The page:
A study has disentangled the mechanisms behind one of the ways melanoma cancer cells develop resistance to treatment. The study found that, in response to some drugs, melanomas can 'break' parts of their BRAF gene, which is mutated in 1 in 2 melanomas. This helps the tumor create alternative versions of the protein which lack regions targeted by one BRAF inhibitors, one of the main drugs used to treat this type of cancer, making treatment less effective. The findings pave the way for alternative strategies to treat BRAF-mutated melanoma, which leads to relapse in 50% of patients within a one-year period.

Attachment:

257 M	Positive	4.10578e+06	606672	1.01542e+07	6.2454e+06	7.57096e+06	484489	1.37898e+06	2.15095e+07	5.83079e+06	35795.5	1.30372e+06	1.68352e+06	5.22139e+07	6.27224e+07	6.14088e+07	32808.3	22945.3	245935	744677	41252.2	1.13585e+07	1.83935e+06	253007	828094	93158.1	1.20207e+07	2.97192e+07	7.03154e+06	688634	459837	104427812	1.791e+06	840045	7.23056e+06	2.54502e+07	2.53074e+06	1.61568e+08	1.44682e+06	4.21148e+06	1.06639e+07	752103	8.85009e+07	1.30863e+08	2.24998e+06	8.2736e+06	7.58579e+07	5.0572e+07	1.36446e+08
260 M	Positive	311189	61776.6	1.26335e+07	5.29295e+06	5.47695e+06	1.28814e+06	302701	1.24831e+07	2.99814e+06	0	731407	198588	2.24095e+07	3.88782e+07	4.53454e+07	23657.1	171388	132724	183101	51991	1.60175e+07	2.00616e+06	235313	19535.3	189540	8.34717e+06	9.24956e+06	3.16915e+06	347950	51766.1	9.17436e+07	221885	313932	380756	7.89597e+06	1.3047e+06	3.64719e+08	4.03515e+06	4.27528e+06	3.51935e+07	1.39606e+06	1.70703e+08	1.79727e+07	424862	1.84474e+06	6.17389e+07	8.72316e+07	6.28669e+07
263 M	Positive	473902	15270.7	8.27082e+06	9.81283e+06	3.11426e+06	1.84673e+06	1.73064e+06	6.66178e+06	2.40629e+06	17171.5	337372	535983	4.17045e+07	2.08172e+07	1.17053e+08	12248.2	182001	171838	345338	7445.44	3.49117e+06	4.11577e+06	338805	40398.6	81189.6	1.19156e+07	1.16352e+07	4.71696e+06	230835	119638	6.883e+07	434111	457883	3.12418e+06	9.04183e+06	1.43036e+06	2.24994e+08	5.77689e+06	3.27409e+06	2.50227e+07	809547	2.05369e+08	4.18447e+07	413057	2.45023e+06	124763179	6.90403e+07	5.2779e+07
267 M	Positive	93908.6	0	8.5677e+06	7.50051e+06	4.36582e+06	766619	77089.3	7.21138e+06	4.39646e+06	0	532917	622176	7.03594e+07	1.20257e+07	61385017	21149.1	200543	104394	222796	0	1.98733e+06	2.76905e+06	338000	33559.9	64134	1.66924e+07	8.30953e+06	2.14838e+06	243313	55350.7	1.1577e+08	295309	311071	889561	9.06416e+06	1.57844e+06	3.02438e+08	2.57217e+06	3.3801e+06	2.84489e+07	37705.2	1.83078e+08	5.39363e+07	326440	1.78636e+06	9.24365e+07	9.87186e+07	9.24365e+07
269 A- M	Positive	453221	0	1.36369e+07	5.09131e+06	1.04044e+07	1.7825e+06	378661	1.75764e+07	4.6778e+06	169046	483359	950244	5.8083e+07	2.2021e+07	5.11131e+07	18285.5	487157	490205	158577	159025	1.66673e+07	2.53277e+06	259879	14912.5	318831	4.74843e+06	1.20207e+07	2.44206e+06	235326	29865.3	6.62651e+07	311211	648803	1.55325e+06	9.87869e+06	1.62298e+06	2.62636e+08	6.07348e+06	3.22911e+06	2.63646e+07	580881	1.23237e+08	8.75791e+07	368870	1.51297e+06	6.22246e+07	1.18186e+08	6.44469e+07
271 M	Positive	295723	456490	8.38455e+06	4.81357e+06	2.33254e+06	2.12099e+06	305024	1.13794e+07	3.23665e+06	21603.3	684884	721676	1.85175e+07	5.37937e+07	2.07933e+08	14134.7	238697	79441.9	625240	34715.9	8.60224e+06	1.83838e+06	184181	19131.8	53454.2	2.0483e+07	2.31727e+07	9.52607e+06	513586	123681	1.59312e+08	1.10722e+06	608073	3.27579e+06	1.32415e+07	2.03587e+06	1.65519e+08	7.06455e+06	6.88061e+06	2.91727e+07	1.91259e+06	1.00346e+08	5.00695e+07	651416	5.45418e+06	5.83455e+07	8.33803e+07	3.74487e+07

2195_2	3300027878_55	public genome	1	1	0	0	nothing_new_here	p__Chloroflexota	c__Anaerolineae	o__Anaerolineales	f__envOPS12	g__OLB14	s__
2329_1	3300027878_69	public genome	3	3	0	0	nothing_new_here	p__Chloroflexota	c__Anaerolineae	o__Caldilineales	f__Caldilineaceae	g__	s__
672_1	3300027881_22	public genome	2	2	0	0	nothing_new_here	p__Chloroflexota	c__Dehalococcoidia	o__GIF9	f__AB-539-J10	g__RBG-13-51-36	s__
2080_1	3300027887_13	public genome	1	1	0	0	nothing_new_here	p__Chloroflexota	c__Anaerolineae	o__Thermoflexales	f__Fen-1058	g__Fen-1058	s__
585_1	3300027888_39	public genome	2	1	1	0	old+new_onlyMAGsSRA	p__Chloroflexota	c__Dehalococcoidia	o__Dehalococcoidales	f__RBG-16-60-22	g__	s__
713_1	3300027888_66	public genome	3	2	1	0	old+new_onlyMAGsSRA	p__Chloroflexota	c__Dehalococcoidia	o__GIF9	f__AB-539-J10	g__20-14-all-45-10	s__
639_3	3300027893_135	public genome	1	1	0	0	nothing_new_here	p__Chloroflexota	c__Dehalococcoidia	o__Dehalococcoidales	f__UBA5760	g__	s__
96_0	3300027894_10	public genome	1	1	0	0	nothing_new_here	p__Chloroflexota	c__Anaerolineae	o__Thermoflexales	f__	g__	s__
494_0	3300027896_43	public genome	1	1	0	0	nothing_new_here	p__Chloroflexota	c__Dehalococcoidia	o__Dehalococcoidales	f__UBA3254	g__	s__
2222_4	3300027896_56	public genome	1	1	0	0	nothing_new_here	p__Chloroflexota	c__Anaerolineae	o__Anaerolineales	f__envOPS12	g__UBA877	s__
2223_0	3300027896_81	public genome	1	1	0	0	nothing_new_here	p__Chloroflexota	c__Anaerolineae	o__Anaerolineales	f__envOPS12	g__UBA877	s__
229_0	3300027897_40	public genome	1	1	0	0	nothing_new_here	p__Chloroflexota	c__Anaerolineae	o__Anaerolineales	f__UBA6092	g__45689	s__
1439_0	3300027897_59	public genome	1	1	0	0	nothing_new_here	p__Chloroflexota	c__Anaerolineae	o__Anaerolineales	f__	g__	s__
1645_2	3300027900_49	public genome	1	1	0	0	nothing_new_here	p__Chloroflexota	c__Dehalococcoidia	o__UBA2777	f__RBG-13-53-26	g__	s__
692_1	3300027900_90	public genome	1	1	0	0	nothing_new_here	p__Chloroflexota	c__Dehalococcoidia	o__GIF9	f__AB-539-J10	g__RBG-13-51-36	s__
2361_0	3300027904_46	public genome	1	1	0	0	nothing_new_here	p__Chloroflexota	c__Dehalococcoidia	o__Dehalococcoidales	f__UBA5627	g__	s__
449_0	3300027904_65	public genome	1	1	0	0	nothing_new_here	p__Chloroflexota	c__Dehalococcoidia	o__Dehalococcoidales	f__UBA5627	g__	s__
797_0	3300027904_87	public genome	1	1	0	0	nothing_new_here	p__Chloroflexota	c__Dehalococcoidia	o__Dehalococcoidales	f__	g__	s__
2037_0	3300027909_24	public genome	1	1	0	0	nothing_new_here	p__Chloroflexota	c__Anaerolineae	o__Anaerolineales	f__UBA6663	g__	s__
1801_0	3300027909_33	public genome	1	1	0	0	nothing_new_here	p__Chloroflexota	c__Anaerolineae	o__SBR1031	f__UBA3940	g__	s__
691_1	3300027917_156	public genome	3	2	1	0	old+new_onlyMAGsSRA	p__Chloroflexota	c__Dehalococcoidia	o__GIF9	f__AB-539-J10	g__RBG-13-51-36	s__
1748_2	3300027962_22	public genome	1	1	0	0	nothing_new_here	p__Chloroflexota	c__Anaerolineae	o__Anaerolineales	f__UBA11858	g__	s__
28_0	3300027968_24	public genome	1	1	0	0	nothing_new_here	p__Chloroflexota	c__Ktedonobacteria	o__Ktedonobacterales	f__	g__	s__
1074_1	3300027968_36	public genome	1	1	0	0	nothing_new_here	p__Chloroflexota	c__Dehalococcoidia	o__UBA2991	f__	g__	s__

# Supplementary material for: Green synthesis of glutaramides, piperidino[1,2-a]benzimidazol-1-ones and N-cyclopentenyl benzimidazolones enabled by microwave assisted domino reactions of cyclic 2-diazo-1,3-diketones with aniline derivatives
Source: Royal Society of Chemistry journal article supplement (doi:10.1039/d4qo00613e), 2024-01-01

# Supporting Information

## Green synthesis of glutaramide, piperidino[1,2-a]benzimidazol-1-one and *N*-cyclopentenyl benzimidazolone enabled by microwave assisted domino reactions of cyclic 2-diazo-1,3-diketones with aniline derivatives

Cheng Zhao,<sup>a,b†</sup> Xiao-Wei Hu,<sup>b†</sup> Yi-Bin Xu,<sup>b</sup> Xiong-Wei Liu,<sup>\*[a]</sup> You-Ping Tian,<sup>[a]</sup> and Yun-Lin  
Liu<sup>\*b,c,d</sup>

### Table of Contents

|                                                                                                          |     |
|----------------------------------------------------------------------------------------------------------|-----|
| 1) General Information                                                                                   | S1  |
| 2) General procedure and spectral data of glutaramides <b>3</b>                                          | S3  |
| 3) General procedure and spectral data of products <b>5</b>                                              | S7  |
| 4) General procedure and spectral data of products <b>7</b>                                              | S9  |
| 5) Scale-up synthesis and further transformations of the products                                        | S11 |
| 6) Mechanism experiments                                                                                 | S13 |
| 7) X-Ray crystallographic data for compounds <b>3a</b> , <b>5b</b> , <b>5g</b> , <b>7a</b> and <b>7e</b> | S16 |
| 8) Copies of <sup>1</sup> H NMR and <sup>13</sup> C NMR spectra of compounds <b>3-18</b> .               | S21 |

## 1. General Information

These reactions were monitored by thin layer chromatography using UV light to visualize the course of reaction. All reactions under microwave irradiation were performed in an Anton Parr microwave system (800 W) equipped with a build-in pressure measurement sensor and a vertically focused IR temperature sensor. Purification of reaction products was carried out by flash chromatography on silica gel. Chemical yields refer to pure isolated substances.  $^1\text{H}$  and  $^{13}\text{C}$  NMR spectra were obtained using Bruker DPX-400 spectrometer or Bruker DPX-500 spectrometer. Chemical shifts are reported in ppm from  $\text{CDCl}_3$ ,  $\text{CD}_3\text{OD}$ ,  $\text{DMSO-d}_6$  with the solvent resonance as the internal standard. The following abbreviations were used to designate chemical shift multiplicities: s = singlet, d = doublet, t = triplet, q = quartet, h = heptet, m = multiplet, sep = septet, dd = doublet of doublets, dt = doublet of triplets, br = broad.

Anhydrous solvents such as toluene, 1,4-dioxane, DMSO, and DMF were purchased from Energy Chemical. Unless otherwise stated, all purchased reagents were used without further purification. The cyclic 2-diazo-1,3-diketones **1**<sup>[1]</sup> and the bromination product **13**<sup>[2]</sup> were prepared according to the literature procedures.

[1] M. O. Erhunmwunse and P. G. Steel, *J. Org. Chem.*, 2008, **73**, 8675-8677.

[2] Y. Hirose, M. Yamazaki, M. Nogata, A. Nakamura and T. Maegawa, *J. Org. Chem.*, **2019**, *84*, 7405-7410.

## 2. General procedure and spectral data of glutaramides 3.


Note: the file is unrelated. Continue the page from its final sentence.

Read more …Melanomas resist drugs by 'breaking' genes

The Philadelphia Medical Examiner’s Office found that nitazenes, a synthetic opioid up to 40 times more powerful than fentanyl[1], were connected to at least five overdose deaths[2] in Philadelphia in the past two years.

The nitazene deaths are just a small

Read more …Nitazenes found in 5 overdose deaths in Philly – here’s what they are and why they’re so deadly

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